powers of attorney

power of attorney (commonly referred to as a POA) is a document that allows you to appoint a person or organization to manage your affairs if you become unable to do so. However, all POAs are not created equal. Each type gives your attorney-in-fact (the person who will be making decisions on your behalf) a different level of control.

 

  • durable financial power of attorney in the event of mental or physical inability to handle financial matters

  • health care power of attorney in the event of inability to make or communicate health care decisions including a living will with end of life instructions

  • mental health care power of attorney in the event of the onset of dementia, Alzheimer's disease and the like

Power of Attorney
Durable Financial Power of Attorney
  • This document names an agent, and at least one alternate agent, who acts only upon the unavailability, disability or incapacity of the Principal

  • This is a document that gives your agent the power to make financial decisions for you.  Your agent will be able to use your money to pay bills, deposit money into your bank accounts, file and pay your taxes, collect your Medicare and other government benefits or they can manage any retirement accounts you have.

  • This document is effective during the lifetime of the person who signs it.  It ceases to be effective upon the death of the signator.

  • The agent ceases to be able to function if the person becomes available, the disability or incapacity ceases and the person is restored to competence with ability to function, or the person dies, or a conservator is appointed

  • Who do you want as your agent? The person you name as your agent should be 18 years or older.  This is not a bonded position.  Therefore, be sure to select a person who is trustworthy.

Health Care Power of Attorney with Living Will
  • This document names an agent, and at least one alternate agent.  Your named agent acts if you are unable to make or communicate health care decisions yourself.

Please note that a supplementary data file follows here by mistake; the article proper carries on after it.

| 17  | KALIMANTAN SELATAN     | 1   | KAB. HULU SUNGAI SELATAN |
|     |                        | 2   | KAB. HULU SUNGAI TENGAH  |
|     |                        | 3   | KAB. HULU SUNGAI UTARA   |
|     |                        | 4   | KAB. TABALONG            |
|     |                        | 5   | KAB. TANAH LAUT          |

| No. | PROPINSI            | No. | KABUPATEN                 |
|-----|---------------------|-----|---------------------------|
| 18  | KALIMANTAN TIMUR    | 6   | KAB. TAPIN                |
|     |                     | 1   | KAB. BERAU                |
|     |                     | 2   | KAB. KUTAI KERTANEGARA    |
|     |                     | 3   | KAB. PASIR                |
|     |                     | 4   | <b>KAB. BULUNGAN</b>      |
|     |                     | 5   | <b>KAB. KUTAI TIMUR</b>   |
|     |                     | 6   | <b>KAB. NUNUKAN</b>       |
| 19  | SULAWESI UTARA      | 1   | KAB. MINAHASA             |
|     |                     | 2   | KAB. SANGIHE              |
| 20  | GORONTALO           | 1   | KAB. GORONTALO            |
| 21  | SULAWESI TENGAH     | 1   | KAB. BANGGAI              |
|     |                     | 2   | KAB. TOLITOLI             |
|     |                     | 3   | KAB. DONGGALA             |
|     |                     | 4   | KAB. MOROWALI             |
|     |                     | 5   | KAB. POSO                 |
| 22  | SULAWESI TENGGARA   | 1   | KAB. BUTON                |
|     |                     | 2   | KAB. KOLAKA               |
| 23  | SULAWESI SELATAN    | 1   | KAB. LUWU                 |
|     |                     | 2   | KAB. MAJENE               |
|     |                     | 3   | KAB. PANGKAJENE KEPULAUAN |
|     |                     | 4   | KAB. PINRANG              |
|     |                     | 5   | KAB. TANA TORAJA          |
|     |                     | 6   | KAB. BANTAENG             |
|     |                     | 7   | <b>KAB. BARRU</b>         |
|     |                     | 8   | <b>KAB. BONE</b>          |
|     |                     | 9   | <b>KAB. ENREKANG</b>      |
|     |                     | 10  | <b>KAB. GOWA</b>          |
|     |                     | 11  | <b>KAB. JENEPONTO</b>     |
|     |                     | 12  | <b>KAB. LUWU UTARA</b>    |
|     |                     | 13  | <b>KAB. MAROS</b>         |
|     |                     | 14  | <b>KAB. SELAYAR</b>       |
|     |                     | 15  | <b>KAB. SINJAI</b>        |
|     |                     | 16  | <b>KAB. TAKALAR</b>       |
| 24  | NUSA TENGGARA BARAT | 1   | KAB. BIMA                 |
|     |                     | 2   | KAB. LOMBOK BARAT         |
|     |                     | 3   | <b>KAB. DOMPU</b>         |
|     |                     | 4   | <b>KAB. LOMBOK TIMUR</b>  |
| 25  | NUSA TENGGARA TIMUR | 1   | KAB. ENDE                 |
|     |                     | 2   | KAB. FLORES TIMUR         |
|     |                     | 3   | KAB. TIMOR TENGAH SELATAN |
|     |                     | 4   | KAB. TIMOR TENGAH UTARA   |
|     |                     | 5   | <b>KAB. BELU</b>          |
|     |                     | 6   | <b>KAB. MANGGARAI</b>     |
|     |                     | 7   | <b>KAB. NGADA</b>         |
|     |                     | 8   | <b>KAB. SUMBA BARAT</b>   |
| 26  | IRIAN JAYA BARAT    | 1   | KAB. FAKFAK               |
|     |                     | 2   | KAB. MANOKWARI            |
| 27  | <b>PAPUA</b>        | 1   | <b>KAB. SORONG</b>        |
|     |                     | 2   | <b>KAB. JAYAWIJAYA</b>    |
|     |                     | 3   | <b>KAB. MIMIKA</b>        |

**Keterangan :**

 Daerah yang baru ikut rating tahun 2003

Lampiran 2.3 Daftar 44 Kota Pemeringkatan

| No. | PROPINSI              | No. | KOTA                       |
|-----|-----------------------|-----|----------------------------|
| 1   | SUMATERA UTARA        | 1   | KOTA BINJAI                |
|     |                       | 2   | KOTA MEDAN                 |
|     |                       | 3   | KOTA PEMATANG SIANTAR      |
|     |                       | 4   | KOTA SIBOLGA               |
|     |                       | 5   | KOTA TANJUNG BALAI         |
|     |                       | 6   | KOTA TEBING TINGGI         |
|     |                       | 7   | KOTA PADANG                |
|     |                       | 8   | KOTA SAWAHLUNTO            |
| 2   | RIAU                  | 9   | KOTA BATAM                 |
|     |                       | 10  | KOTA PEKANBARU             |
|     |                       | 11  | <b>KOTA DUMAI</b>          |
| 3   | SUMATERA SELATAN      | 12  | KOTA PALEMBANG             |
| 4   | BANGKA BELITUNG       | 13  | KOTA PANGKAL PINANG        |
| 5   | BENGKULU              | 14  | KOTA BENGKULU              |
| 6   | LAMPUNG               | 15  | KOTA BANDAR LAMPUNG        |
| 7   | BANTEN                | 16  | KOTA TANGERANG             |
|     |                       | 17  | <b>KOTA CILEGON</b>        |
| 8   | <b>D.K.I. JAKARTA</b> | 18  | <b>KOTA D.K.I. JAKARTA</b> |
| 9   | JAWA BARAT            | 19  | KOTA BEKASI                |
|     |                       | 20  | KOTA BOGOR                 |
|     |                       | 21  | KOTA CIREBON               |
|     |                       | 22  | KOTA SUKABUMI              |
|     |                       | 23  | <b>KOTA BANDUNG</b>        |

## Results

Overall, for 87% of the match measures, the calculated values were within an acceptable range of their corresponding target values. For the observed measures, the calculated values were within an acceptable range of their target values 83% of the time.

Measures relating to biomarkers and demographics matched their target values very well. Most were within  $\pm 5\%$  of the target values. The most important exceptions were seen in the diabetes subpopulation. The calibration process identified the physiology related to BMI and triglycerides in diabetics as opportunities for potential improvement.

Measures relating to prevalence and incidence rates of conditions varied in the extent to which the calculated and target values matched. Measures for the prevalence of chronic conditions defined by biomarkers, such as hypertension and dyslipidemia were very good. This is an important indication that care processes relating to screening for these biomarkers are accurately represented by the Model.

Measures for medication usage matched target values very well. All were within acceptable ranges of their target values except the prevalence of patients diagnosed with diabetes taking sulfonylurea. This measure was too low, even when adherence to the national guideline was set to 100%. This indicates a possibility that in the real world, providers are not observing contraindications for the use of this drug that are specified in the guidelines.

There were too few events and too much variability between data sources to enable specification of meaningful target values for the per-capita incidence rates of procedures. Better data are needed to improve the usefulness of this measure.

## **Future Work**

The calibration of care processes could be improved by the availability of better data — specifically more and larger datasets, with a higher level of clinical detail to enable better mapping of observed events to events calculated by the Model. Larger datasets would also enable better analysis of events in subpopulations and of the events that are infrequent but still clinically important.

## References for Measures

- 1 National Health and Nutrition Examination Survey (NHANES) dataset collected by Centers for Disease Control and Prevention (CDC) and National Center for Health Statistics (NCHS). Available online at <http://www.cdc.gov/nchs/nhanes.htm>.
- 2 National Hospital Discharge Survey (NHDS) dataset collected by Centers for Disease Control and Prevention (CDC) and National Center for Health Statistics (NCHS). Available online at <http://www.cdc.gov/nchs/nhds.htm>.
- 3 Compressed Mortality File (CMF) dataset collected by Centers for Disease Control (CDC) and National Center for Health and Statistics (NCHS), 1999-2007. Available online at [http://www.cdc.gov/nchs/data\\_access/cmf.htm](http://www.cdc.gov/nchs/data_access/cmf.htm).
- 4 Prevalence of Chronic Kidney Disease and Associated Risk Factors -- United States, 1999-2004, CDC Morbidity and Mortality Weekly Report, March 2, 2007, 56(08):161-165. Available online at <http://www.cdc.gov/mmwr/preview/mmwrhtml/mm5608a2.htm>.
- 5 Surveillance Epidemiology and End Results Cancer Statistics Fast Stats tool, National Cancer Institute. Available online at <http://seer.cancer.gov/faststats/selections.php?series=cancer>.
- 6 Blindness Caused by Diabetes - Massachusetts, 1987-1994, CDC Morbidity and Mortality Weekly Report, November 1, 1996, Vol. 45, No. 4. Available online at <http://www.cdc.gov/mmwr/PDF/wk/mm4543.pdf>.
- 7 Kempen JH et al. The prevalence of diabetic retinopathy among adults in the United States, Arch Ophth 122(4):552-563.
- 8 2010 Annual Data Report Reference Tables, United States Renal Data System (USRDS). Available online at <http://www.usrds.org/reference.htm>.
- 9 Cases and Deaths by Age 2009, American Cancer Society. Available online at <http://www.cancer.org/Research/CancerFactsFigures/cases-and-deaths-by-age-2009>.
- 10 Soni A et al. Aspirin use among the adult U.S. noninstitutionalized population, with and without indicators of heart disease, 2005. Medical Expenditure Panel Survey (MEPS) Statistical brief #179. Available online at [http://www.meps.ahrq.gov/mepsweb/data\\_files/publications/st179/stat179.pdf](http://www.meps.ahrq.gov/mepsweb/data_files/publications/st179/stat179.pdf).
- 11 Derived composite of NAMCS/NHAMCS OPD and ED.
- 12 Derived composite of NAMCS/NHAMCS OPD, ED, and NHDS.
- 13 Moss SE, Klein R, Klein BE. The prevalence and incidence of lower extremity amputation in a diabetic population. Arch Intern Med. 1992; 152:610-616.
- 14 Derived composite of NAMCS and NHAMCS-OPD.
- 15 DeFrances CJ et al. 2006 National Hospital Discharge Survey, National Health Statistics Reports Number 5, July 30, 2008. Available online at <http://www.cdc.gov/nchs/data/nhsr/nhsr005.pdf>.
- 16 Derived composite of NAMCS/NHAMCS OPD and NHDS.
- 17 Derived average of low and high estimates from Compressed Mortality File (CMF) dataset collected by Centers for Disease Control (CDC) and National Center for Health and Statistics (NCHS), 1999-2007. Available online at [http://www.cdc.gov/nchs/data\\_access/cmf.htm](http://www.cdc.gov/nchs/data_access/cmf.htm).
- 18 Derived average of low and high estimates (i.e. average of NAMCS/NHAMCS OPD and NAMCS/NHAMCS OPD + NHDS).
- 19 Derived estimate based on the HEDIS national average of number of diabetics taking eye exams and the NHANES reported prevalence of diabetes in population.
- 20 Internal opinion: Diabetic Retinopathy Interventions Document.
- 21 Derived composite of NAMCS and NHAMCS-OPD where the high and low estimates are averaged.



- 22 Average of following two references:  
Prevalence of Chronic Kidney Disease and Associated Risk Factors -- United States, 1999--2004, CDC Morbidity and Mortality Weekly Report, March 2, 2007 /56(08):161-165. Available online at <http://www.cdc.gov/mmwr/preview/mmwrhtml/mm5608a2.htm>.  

• This is a document that allows you to provide health care instructions and wishes to your doctor, friends or family only if you become incapacitated and are unable to communicate those wishes yourself.  It lets these people know the types of special treatment you want or do not want.

  • Who do you want to be your health care agent, i.e., the person who makes medical decisions for you if you are too sick to make them for yourself?  The person you name as your agent should be 18 years or older and someone you trust to carry out your wishes. 

  • Think about your values and what is important to you such as talking to family or friends, being free from pain or living without being dependent on machines.  Think about under what circumstances you would like life support treatments.  Life support treatments are used to try to keep you alive such as CPR, breathing machines, feeding tubes, dialysis, blood transfusions or medicine.  The Living Will states your wishes regarding end of life decisions.

  • You can decide if you want to help save lives by donating organs.  You can also decide not to donate your organs or have your agent decide.  You can also decide if you want an autopsy to be done after your death to find out why you died.  You can also leave instructions about whether you wish to be cremated or buried after you die.

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Mental Health Care Power of Attorney
  • This document allows you to designate a person to make future mental health care decisions for you if you become incapable of making those decisions for yourself.  You may choose to designate multiple people if you wish to ensure that one person doesn’t control all decisions regarding your mental health care.  The agent’s decisions are required to be consistent with the wishes you express in the mental health care power of attorney.

  • You can amend or revoke the document at any time as long as you are legally competent.

  • In the event the signer is incapable as defined by ARS §36-501, the agent can make decisions regarding mental health care for the signer who is incapable. 

  • The decision about whether you are incapable can only be made by a physician who is licensed (pursuant to Title 32, chapter 13 or 17) and who is a specialist in neurology or psychiatry or a psychologist who is licensed pursuant to Title 32, chapter 19.1).

According to alzheimers.net,  one in three seniors dies with some form of dementia and, by 2025, the number of people aged 65 and older with Alzheimer’s disease is expected to reach 7.1 million people, a 27% increase from the 5.6 million age 65 and older in 2019.  While I recommend that all individuals have a mental health care power of attorney, it is particularly important when:  

  • You have a history of mental illness in your family or your own medical history.

  • You have - or at high risk to have - psychosis associated with other illnesses, such as Alzheimer's or dementia.

  • You take - or may in the future take - medication which puts you at a high risk of negatively impacting your mood or ability to function.

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